The wide receiver position is a deep one in fantasy football. As such, there’s no reason to go taking unnecessary risks. Life is full of risk already, right?
Anyway, today we highlight one guy each that we are sour on. This may not mean that said commodity is a bad football player. It could mean the situation around said player is murky, or it could mean the price point is unsavory. It could be something else entirely. Read on...
Allen Robinson II, Chicago Bears (Mark Abell)
A top 50 pick for Allen is one of the items that has me nervous. A new quarterback—or potentially quarterbacks, depending on how the Bears decide to play Andy Dalton and Justin Fields—mixes in with a rather tough schedule for Chicago (49ers, Giants, Ravens, and Steelers all have strong secondaries). The optics of A-Rob alone are strong, with an increase in yards and catch rate last year. It’s the outside pieces (QBs, schedule, and the loss of a few offensive lineman putting them among one of the worst offensive line teams in the NFL this season) that has me nervous.
Diontae Johnson, Pittsburgh Steelers (Heath Capps)
He’s in a crowded wideout room (Chase Claypool, JuJu Smith-Schuster) and on a team that typically employs a hard-nosed, run-first mentality (see this year’s first-round pick: Harris, Najee). The Steelers also added second-round tight end Pat Freiermuth in this year’s draft, to add to an underrated Eric Ebron. In short, it’s a crowded offense, one that didn’t look too narrow in 2020—all three wideouts topped 100 targets, and Johnson’s 108 looks trailed Smith-Schuster (132) and Claypool (124). Johnson also managed six scores compared to nine apiece for the other two receivers, and he ranked fourth on the team in red zone looks. Sure, the tea leaves say that Johnson is a man on the ascent, and he did miss a game last year, which hurts a little of his overall numbers from 2020. However, Johnson topped the NFL with 10 drops last year, a concerning number to me for a guy who should operate as his team’s primary receiver.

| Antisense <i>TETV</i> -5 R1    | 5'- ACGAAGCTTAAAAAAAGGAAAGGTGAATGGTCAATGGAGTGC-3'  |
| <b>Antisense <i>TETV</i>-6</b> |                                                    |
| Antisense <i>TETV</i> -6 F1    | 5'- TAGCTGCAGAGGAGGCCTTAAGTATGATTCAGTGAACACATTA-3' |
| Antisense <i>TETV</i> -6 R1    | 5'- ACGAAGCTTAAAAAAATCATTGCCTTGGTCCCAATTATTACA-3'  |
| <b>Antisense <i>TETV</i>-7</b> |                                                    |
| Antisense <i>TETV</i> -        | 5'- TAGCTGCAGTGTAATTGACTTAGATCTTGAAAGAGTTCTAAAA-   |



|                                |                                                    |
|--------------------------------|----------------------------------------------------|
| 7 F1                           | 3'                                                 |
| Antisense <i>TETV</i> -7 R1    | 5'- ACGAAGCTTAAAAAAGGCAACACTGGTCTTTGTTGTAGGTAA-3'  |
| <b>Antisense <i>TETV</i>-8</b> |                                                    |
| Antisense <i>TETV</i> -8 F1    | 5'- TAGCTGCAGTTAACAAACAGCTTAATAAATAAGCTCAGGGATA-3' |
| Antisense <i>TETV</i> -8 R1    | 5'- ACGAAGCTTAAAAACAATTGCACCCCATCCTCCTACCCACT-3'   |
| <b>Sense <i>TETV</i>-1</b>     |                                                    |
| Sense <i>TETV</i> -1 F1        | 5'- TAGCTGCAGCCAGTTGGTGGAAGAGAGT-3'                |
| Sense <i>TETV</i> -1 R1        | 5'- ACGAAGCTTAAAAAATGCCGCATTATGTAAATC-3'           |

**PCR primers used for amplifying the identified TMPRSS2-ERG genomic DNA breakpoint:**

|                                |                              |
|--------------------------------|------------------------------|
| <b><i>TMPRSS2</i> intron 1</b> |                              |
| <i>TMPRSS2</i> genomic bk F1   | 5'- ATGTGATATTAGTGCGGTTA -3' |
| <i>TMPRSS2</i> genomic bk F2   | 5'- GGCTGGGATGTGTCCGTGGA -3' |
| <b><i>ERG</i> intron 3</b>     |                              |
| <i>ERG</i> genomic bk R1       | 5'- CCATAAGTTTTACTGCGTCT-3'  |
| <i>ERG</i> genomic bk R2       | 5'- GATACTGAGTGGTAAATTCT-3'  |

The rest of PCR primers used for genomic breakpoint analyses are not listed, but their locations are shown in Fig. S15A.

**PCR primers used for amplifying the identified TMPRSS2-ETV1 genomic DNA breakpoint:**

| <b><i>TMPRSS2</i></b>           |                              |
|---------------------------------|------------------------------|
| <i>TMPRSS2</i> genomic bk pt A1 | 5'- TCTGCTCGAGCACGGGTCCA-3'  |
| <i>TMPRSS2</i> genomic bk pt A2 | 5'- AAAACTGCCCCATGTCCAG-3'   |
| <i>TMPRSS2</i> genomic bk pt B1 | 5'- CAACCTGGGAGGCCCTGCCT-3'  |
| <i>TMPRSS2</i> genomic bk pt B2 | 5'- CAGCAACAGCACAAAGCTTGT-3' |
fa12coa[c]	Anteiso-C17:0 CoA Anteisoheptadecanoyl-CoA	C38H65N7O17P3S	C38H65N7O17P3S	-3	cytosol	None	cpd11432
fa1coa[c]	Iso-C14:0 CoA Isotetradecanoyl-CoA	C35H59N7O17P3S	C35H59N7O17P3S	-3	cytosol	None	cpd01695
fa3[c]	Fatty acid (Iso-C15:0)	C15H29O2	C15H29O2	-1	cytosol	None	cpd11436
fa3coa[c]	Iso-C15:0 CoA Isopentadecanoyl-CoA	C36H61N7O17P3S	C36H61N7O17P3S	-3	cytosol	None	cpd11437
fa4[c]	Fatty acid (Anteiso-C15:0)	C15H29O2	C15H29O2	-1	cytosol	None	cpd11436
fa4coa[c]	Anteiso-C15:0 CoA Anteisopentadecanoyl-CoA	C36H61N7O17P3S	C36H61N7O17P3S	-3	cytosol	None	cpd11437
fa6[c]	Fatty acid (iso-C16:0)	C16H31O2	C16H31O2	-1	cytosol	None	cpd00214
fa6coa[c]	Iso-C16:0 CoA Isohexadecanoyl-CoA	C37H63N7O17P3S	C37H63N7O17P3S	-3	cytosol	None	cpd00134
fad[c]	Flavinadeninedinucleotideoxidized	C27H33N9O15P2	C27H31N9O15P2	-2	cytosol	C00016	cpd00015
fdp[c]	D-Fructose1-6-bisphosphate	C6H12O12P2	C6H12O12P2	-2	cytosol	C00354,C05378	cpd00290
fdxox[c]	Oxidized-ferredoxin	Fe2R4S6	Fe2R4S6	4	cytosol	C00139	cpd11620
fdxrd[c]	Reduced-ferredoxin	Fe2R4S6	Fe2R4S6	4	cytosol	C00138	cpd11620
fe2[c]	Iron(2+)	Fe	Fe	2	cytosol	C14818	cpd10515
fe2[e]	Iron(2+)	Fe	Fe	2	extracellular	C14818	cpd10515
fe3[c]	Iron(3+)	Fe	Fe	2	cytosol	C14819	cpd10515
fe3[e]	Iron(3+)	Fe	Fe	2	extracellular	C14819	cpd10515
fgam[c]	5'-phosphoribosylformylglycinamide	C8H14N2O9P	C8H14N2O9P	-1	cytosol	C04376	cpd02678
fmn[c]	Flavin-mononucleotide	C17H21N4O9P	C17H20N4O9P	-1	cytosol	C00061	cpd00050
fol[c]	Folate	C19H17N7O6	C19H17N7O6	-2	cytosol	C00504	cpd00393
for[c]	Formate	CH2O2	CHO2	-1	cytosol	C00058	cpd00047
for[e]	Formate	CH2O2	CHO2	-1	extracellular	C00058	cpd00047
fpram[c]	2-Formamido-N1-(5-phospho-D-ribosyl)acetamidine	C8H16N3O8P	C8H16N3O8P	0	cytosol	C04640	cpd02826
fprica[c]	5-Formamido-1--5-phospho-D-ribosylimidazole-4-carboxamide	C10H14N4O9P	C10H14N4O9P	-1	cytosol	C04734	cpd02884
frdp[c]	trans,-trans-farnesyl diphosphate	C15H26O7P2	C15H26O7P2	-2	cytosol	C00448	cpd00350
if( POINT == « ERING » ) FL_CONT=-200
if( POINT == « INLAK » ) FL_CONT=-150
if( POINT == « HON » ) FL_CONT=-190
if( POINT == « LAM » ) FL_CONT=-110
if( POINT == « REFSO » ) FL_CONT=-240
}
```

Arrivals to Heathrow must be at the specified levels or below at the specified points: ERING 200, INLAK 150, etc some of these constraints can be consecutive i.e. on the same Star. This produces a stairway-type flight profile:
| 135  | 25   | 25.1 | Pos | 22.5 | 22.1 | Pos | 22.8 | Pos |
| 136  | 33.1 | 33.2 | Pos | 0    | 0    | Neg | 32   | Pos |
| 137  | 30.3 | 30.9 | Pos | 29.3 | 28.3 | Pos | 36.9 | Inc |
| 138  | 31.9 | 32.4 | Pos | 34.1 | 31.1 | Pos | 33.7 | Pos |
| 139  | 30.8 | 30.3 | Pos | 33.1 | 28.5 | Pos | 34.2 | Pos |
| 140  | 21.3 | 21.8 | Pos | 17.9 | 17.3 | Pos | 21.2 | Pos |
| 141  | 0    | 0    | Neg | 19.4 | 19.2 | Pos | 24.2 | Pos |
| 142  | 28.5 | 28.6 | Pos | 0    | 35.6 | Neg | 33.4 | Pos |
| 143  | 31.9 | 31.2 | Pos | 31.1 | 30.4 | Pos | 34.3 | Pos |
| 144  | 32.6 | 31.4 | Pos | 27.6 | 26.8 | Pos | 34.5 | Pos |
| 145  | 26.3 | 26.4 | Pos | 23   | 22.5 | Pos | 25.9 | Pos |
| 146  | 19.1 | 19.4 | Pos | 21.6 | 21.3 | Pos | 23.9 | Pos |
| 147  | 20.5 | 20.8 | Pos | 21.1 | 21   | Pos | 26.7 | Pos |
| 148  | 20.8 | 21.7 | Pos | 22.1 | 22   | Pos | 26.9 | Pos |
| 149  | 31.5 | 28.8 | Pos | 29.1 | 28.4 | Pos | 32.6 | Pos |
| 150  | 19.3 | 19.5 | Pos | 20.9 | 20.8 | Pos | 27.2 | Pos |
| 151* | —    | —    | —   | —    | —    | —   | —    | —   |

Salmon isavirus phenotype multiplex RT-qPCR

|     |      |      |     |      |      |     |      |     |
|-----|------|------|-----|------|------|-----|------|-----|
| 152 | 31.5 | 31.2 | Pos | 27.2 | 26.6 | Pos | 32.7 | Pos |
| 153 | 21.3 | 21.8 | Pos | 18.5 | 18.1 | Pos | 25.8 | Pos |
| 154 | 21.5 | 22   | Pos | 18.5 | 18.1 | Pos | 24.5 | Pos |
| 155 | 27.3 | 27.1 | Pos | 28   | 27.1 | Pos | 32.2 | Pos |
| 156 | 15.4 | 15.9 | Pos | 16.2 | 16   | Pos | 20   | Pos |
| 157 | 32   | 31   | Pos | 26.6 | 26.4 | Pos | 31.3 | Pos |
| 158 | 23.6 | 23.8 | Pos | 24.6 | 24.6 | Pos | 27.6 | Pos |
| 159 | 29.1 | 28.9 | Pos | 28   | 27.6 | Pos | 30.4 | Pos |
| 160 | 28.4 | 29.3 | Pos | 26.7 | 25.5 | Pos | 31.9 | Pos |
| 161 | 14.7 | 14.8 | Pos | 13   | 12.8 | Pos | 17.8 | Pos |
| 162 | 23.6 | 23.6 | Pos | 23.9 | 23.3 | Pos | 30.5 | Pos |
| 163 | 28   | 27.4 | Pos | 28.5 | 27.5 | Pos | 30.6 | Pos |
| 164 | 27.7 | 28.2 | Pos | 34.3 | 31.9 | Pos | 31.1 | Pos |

Add it all up, and I view him as more of a floor option—a very safe WR2—than a guy that seems primed to be a league-winner. It’s just a crowded room, and a team that is going to try to employ Harris early and often (which could siphon away some of the short dump-offs that added to Johnson’s volume last year). Add in Ben Roethlisberger’s continued decline, and I’m just not that into the Steelers receiver group as a whole, which seems overvalued to me.
Ja’Marr Chase, Cincinnati Bengals (Skyler Carlin)
Everyone would love to find the next rookie wideout like Justin Jefferson that lights it up in his inaugural season. Some people believe the next first-year wide receiver that is poised to be a consistent source of production in fantasy football is Jefferson’s former teammate at LSU in Ja’Marr Chase. Chase landed with the Cincinnati Bengals with the No. 5 overall pick in the 2021 NFL Draft, reuniting him with Joe Burrow. While the long-term outlook on Chase is positive for me, I recently wrote about why I believe Chase is being overvalued by the consensus. The biggest gripe — or gripes — I have with Chase is his current ADP, that has him being taken before Tee Higgins and Tyler Boyd in the majority of drafts. He’s also going before the likes of JuJu Smith-Schuster, D.J. Chark, and Deebo Samuel (who are all guys I’d rather have than Chase in 2021). The other issue I have with Chase is that he’ll be catching passes from a quarterback that is returning from a torn ACL, a torn MCL, a partially torn PCL, and a partially torn meniscus. Burrow is going to need time to get comfortable moving around in the pocket again as he works his way back from a serious knee ailment. Even though Chase has the ability to evolve into a talented wide receiver in the NFL, I’m out on the rookie wide receiver in redraft this season.